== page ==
American Recycler News, Inc.
February 2011 News

Steady increases in recycling for ACH Foam Technologies and EPS Packaging Industry

More toxic chemical releases seen in the Northwest

EPA finalizes 2012 renewable fuel standards

City of Scranton sewer authority penalized

Revend launches bulb recycling machines

New York recyclers awarded at annual conference

RailAmerica reports November freight carloads

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Nominations sought for annual Environmental Quality Awards

Recyclebank begins program for schools

Essroc Cement to pay penalty and invest 33 million in upgrades

EPA releases options for Gowanus Canal clean up

Union County Utilities deal saves municipalities millions

Business Briefs

Alternative Energy

Approval to build the largest commercial airport-based solar power farm granted

TGEG signs substantial green energy supply contract

Flex OC installs and operates methane to energy project


Sims joins coalition limiting toxic e-waste exports

California workshop explores solutions to fluorescent lamp management problem


European economy can be boosted by recycling

Synthesis Energy provides update

Metal Recycling

Scrap Metals MarketWatch

Steel imports down 10 percent in November

Finished steel import permits up

Nucor plans to close Nuconsteel

Franklin foundry illegally stored hazardous waste

Commercial Metals amends credit agreement

Mechel completes acquisition

Plastics Recycling

Coca-Cola partners for solutions to PlantBottle packaging

Grand Canyon plastic bottle ban gets green light despite opposition

Plastics Recycling

Three New England organizations recognized for reducing waste

WCA Waste Corporation to be acquired by Macquarie Infrastructure Partners II

Ohio proposes new C&D rules

Powerful forces drive C&D recyclingClick to Enlarge

San Francisco’s rules for construction and demolition require companies to recycle or reuse at least 65 percent of materials generated from a job. Across the country in New Hampshire, activists are urging the legislature to rewrite the state’s recycling rules to ban all construction and demolition (C&D) materials from landfills. And in some states such as Connecticut, rules forbid trucking any materials, including C&D materials, for disposal in other states.

The situation presents an obstacle and an opportunity for an industry that, according to estimates, annually recycles hundreds of millions of tons of materials left behind by building and demolition projects. On one hand, the restrictions, including steadily increasing tipping fees on disposing of C&D debris encourage recycling. On the other, there are challenges finding uses for recycled materials, along with tighter rules about popular applications such as burning salvaged wood for fuel.

Mike Taylor, executive director of the National Demolition Association, is confident that solutions will be found. “Recycling has always been part of demolition and construction,” he said. “We remain the largest source of recycling feedstock around the world, and we have been adding materials into the stream.”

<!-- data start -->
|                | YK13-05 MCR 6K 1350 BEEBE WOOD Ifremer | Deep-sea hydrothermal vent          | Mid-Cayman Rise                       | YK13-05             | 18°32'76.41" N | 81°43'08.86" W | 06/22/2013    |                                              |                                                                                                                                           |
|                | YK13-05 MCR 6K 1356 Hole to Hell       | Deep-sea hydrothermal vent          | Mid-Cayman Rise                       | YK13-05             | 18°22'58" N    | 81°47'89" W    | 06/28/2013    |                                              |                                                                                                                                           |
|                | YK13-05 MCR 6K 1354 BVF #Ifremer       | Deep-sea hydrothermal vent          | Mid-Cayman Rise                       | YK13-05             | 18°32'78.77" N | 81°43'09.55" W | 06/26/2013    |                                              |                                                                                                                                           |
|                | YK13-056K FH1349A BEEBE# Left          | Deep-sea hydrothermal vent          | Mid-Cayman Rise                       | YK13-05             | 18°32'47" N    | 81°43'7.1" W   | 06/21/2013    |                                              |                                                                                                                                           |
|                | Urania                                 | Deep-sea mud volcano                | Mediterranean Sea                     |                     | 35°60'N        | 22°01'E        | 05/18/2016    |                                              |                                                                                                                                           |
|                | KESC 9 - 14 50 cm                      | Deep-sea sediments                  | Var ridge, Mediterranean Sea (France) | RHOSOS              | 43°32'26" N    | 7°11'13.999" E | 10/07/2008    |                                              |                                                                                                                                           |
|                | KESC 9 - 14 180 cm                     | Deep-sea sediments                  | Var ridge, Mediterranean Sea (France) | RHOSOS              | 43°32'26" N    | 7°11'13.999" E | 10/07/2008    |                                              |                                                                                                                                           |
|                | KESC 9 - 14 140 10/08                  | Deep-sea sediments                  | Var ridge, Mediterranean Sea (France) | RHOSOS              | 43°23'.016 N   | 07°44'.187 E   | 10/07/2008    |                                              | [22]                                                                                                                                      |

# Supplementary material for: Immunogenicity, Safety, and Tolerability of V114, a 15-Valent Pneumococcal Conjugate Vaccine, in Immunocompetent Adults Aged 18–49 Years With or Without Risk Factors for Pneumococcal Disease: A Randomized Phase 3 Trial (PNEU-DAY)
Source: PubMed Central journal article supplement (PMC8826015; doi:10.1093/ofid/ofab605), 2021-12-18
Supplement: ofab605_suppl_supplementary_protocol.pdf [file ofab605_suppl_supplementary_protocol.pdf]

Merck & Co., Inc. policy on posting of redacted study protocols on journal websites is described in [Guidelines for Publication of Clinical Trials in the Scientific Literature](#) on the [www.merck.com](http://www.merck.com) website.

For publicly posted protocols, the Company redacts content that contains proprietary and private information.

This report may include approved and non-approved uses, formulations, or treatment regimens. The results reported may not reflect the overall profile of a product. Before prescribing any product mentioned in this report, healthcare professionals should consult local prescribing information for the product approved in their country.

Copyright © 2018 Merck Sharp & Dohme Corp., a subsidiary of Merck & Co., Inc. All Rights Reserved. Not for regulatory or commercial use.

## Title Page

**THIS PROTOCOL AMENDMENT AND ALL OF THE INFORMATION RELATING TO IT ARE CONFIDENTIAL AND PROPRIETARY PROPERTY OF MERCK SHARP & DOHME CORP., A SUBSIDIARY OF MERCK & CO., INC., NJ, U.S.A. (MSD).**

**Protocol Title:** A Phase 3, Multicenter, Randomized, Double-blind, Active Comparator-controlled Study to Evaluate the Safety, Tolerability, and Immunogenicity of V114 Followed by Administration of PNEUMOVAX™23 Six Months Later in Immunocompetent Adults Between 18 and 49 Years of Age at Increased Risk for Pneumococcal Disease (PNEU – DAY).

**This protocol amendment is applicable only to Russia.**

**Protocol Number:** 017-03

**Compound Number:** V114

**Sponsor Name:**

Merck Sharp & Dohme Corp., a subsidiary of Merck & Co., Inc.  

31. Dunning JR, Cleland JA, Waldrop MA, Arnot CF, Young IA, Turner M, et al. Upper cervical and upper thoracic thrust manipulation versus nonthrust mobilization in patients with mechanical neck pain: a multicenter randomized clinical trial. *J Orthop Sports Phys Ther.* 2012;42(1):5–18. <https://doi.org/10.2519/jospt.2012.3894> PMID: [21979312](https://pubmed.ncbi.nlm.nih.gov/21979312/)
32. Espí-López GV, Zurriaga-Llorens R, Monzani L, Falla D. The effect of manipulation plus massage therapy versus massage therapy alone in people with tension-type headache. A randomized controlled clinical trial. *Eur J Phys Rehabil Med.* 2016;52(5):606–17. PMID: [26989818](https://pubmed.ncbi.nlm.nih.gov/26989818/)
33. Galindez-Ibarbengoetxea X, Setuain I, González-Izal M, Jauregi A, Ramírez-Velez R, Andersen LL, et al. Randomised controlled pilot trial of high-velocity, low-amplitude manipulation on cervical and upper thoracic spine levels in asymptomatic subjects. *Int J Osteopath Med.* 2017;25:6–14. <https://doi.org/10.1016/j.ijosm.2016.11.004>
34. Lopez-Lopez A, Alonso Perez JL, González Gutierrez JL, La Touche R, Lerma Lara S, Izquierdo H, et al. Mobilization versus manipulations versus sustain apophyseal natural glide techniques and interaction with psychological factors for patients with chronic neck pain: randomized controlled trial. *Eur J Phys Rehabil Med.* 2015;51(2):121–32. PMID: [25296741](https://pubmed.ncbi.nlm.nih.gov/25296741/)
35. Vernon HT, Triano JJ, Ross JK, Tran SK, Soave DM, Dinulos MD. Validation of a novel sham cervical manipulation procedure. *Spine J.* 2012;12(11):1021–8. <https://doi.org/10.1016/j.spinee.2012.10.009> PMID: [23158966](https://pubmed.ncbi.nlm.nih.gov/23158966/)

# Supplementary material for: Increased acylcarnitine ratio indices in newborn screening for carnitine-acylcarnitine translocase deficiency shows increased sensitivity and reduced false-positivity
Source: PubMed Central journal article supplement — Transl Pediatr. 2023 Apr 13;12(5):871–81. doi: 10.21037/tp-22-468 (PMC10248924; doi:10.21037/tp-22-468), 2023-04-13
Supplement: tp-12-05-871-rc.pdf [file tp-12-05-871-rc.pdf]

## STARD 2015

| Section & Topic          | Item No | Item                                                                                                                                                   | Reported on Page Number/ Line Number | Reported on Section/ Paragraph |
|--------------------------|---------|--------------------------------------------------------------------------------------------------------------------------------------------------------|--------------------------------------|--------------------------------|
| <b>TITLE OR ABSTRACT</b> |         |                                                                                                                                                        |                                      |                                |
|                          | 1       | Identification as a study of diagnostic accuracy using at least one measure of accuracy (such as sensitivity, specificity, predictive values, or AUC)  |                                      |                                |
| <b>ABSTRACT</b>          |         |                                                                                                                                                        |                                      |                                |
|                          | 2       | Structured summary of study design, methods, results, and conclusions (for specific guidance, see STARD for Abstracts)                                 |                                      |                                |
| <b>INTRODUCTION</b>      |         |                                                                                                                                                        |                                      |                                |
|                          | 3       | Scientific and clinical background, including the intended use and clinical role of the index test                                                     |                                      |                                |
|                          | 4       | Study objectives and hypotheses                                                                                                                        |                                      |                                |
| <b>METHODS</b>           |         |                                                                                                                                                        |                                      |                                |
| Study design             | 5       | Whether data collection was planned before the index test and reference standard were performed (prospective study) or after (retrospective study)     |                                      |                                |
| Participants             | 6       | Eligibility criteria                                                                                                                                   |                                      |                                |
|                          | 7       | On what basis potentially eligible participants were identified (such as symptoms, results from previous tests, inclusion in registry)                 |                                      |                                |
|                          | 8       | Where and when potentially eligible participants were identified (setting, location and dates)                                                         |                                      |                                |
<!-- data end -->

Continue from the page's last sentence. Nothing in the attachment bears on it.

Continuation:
Currently, recyclers make use of concrete, wood, sheetrock, plastics, shingles, glass, carpeting and metals such as rebar, wiring and flashing. Concrete, metals, wood and asphalt are especially recycle-ready. And Taylor said recycling the rest is quite feasible. “Simply put, in the right set of circumstances with the right market, you can recycle just about everything that comes out of a building,” he said. more


Car recyclers see market rebound
Click to Enlarge

After a 2011 that represented a rebound from the lows of the recession years, auto recycling industry members and suppliers are hoping for a return to stability and greater prosperity. The near future, according to interviews with executives in the field, will be driven by new markets, new technologies and the ultimate replacement of the country’s aging fleet of automobiles.

“2011 was not a record-breaking year, but it was close,” said Curt Spry, scrap sales manager at Al-Jon Manufacturing, Ottumwa, Iowa, which manufactures metal recycling and landfill compaction equipment. “And we look for 2012 to be the same.”

At OverBuilt, Inc., a maker of car crushers and baler-loggers in Huron, South Dakota, sales manager Jeff Hebbert said 2011 continued a trend from 2010 of modest recovery from the lows of 2009. “Predicting how long that’s going to last is like predicting the stock market,” Hebbert said. “But all indications are that the people in the recycling industry are very optimistic about 2012.”

That’s not to say the industry doesn’t face challenges. Competition from foreign buyers and unregulated domestic salvage operations continues to drive up prices for salvage vehicles. Meanwhile, manufacturers of new parts are, in some cases, matching prices for used parts, catching recyclers in something of a bind.

However, auto recycling remains an estimated $23 billion industry with more than 8,000 participants. The Vehicle Recycling Partnership (VRP) of the United States Council for Automotive Research, a joint technology research venture by Chrysler Ford General Motors, said Americans discard approximately 13 million end-of-life vehicles (ELV) each year. About 95 percent go through some form of recycling, resulting in the recycling of about 84 percent by weight of each vehicle, according to VRP. more

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